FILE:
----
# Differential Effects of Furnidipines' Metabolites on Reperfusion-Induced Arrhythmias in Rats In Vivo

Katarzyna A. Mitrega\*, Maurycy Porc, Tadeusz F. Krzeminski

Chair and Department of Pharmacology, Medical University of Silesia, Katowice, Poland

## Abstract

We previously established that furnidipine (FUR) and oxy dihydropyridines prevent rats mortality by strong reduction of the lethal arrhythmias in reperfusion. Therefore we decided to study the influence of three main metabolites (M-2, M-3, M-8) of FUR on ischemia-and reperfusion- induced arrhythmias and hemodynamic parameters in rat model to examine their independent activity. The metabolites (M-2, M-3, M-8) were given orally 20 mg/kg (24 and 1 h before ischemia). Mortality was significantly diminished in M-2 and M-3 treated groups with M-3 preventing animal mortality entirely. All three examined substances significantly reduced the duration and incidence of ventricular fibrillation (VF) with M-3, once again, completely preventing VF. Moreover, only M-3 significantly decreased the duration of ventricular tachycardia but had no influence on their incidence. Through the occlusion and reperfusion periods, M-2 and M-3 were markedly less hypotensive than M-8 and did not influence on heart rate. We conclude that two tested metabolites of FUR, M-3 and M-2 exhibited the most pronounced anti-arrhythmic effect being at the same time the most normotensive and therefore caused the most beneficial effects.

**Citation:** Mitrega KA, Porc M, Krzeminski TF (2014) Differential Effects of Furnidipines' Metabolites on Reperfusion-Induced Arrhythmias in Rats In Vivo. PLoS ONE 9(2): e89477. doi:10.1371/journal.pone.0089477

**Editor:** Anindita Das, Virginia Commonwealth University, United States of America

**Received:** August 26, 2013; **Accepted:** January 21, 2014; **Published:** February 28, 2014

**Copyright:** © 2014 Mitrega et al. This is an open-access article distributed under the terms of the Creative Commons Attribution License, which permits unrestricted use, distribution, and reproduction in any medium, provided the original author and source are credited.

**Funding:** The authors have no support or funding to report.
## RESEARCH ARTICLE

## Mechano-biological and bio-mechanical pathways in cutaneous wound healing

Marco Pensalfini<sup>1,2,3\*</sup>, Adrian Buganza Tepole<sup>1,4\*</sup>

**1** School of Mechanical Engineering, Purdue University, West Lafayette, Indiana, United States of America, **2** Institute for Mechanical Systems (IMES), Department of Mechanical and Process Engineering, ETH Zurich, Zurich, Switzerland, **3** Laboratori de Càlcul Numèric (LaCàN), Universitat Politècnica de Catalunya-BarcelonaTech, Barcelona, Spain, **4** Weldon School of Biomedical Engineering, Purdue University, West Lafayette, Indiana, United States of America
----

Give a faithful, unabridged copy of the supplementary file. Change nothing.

# Differential Effects of Furnidipines' Metabolites on Reperfusion-Induced Arrhythmias in Rats In Vivo

Katarzyna A. Mitrega\*, Maurycy Porc, Tadeusz F. Krzeminski

Chair and Department of Pharmacology, Medical University of Silesia, Katowice, Poland

## Abstract

We previously established that furnidipine (FUR) and oxy dihydropyridines prevent rats mortality by strong reduction of the lethal arrhythmias in reperfusion. Therefore we decided to study the influence of three main metabolites (M-2, M-3, M-8) of FUR on ischemia-and reperfusion- induced arrhythmias and hemodynamic parameters in rat model to examine their independent activity. The metabolites (M-2, M-3, M-8) were given orally 20 mg/kg (24 and 1 h before ischemia). Mortality was significantly diminished in M-2 and M-3 treated groups with M-3 preventing animal mortality entirely. All three examined substances significantly reduced the duration and incidence of ventricular fibrillation (VF) with M-3, once again, completely preventing VF. Moreover, only M-3 significantly decreased the duration of ventricular tachycardia but had no influence on their incidence. Through the occlusion and reperfusion periods, M-2 and M-3 were markedly less hypotensive than M-8 and did not influence on heart rate. We conclude that two tested metabolites of FUR, M-3 and M-2 exhibited the most pronounced anti-arrhythmic effect being at the same time the most normotensive and therefore caused the most beneficial effects.

**Citation:** Mitrega KA, Porc M, Krzeminski TF (2014) Differential Effects of Furnidipines' Metabolites on Reperfusion-Induced Arrhythmias in Rats In Vivo. PLoS ONE 9(2): e89477. doi:10.1371/journal.pone.0089477

**Editor:** Anindita Das, Virginia Commonwealth University, United States of America

**Received:** August 26, 2013; **Accepted:** January 21, 2014; **Published:** February 28, 2014

**Copyright:** © 2014 Mitrega et al. This is an open-access article distributed under the terms of the Creative Commons Attribution License, which permits unrestricted use, distribution, and reproduction in any medium, provided the original author and source are credited.

**Funding:** The authors have no support or funding to report.
## RESEARCH ARTICLE

## Mechano-biological and bio-mechanical pathways in cutaneous wound healing

Marco Pensalfini<sup>1,2,3\*</sup>, Adrian Buganza Tepole<sup>1,4\*</sup>

**1** School of Mechanical Engineering, Purdue University, West Lafayette, Indiana, United States of America, **2** Institute for Mechanical Systems (IMES), Department of Mechanical and Process Engineering, ETH Zurich, Zurich, Switzerland, **3** Laboratori de Càlcul Numèric (LaCàN), Universitat Politècnica de Catalunya-BarcelonaTech, Barcelona, Spain, **4** Weldon School of Biomedical Engineering, Purdue University, West Lafayette, Indiana, United States of America